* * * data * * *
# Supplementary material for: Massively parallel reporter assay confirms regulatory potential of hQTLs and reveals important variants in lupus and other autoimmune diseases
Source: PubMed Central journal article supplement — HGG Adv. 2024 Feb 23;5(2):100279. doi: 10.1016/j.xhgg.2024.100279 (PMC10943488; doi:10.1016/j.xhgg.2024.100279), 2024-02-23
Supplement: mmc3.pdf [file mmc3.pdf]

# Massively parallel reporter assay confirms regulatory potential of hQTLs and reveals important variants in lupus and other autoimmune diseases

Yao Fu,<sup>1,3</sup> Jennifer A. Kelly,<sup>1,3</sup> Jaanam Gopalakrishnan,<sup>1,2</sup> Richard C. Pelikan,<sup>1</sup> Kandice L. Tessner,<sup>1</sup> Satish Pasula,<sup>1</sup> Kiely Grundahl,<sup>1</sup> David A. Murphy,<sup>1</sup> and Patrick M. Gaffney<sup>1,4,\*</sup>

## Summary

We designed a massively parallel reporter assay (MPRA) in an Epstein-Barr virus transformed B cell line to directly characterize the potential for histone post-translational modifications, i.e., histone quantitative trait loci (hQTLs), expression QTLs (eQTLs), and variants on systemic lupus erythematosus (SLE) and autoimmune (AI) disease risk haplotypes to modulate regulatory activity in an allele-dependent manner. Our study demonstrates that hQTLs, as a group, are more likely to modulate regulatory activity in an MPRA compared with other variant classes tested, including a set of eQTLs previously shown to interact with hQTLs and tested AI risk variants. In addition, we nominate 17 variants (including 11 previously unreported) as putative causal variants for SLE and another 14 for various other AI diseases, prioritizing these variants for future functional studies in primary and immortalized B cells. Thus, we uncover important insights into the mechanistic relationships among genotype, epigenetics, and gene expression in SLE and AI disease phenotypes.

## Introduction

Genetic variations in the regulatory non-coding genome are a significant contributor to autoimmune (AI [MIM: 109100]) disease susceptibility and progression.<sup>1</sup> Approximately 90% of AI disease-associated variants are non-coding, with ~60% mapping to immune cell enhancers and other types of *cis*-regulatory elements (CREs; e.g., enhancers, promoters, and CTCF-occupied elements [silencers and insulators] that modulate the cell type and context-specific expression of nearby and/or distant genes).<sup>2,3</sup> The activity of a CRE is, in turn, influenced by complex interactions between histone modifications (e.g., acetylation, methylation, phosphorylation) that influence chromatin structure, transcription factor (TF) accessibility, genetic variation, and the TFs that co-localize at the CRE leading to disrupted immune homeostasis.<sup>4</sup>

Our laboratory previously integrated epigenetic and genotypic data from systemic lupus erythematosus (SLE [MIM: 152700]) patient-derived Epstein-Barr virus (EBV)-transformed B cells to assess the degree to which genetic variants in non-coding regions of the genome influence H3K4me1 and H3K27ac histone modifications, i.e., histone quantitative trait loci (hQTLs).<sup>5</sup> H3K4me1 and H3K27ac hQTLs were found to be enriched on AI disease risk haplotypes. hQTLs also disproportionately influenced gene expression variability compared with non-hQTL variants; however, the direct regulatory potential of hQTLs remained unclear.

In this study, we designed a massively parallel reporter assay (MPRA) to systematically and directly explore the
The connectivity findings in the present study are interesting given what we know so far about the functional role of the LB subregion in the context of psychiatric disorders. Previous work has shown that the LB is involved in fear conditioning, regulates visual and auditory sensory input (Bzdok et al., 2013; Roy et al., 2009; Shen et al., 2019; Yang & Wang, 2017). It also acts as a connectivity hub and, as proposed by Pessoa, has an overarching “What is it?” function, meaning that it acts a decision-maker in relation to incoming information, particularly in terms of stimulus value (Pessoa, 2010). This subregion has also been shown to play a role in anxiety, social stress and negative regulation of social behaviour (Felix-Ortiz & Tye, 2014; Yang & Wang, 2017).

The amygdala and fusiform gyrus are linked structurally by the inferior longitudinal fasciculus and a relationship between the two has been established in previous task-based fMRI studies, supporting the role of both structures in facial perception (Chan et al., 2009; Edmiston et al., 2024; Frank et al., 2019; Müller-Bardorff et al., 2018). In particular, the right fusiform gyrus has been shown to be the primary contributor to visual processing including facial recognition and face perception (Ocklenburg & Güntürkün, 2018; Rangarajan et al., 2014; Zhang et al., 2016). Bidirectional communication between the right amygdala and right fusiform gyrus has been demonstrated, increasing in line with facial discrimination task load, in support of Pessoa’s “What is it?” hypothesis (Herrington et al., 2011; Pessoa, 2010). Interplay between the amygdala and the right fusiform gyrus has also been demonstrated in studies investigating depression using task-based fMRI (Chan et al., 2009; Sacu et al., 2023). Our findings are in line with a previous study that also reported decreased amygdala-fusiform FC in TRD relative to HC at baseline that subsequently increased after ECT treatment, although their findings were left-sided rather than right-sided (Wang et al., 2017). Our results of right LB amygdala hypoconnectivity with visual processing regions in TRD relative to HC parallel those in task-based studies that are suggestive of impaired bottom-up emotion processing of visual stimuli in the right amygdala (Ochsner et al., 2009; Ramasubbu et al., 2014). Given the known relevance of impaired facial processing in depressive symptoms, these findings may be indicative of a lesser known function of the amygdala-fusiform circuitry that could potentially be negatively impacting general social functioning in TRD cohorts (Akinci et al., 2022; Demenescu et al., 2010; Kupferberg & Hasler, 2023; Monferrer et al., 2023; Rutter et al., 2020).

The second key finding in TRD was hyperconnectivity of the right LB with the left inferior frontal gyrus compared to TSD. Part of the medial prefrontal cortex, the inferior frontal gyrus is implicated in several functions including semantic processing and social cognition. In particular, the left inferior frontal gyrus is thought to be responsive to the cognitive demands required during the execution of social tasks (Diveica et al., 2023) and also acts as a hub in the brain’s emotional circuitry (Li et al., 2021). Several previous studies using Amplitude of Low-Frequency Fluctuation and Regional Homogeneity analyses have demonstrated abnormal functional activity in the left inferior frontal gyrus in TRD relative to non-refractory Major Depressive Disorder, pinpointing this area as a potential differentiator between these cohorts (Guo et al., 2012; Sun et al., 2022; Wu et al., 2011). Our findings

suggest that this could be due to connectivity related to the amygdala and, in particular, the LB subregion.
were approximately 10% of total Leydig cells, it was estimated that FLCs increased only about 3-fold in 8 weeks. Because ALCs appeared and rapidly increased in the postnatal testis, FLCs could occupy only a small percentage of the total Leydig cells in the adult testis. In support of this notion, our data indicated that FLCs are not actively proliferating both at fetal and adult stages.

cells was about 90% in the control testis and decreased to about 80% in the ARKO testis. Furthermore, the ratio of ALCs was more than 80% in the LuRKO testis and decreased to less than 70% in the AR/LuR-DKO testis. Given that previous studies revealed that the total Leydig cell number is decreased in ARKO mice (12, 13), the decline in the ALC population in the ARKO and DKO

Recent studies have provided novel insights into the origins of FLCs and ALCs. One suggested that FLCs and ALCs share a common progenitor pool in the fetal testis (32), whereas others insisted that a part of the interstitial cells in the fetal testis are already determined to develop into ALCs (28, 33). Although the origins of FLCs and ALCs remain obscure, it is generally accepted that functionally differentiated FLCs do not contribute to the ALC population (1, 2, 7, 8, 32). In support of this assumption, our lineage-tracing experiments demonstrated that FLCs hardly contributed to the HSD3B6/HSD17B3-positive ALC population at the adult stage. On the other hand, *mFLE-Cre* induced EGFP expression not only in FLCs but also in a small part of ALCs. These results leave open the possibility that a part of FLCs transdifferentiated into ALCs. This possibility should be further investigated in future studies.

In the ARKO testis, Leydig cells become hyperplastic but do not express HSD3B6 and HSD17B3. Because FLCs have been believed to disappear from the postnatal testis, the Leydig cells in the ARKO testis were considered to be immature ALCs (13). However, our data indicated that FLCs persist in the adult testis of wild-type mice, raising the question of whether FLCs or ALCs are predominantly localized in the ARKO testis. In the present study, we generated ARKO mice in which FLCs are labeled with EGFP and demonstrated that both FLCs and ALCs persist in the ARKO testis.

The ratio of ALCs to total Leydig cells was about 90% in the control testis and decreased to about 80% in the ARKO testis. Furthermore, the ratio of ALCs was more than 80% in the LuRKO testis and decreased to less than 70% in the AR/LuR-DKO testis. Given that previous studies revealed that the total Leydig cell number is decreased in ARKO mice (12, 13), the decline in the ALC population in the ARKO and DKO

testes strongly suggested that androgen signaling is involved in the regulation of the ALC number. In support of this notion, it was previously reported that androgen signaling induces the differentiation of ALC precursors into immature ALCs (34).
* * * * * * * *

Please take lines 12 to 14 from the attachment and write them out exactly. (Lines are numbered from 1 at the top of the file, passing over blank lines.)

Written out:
The connectivity findings in the present study are interesting given what we know so far about the functional role of the LB subregion in the context of psychiatric disorders. Previous work has shown that the LB is involved in fear conditioning, regulates visual and auditory sensory input (Bzdok et al., 2013; Roy et al., 2009; Shen et al., 2019; Yang & Wang, 2017). It also acts as a connectivity hub and, as proposed by Pessoa, has an overarching “What is it?” function, meaning that it acts a decision-maker in relation to incoming information, particularly in terms of stimulus value (Pessoa, 2010). This subregion has also been shown to play a role in anxiety, social stress and negative regulation of social behaviour (Felix-Ortiz & Tye, 2014; Yang & Wang, 2017).

The amygdala and fusiform gyrus are linked structurally by the inferior longitudinal fasciculus and a relationship between the two has been established in previous task-based fMRI studies, supporting the role of both structures in facial perception (Chan et al., 2009; Edmiston et al., 2024; Frank et al., 2019; Müller-Bardorff et al., 2018). In particular, the right fusiform gyrus has been shown to be the primary contributor to visual processing including facial recognition and face perception (Ocklenburg & Güntürkün, 2018; Rangarajan et al., 2014; Zhang et al., 2016). Bidirectional communication between the right amygdala and right fusiform gyrus has been demonstrated, increasing in line with facial discrimination task load, in support of Pessoa’s “What is it?” hypothesis (Herrington et al., 2011; Pessoa, 2010). Interplay between the amygdala and the right fusiform gyrus has also been demonstrated in studies investigating depression using task-based fMRI (Chan et al., 2009; Sacu et al., 2023). Our findings are in line with a previous study that also reported decreased amygdala-fusiform FC in TRD relative to HC at baseline that subsequently increased after ECT treatment, although their findings were left-sided rather than right-sided (Wang et al., 2017). Our results of right LB amygdala hypoconnectivity with visual processing regions in TRD relative to HC parallel those in task-based studies that are suggestive of impaired bottom-up emotion processing of visual stimuli in the right amygdala (Ochsner et al., 2009; Ramasubbu et al., 2014). Given the known relevance of impaired facial processing in depressive symptoms, these findings may be indicative of a lesser known function of the amygdala-fusiform circuitry that could potentially be negatively impacting general social functioning in TRD cohorts (Akinci et al., 2022; Demenescu et al., 2010; Kupferberg & Hasler, 2023; Monferrer et al., 2023; Rutter et al., 2020).

The second key finding in TRD was hyperconnectivity of the right LB with the left inferior frontal gyrus compared to TSD. Part of the medial prefrontal cortex, the inferior frontal gyrus is implicated in several functions including semantic processing and social cognition. In particular, the left inferior frontal gyrus is thought to be responsive to the cognitive demands required during the execution of social tasks (Diveica et al., 2023) and also acts as a hub in the brain’s emotional circuitry (Li et al., 2021). Several previous studies using Amplitude of Low-Frequency Fluctuation and Regional Homogeneity analyses have demonstrated abnormal functional activity in the left inferior frontal gyrus in TRD relative to non-refractory Major Depressive Disorder, pinpointing this area as a potential differentiator between these cohorts (Guo et al., 2012; Sun et al., 2022; Wu et al., 2011). Our findings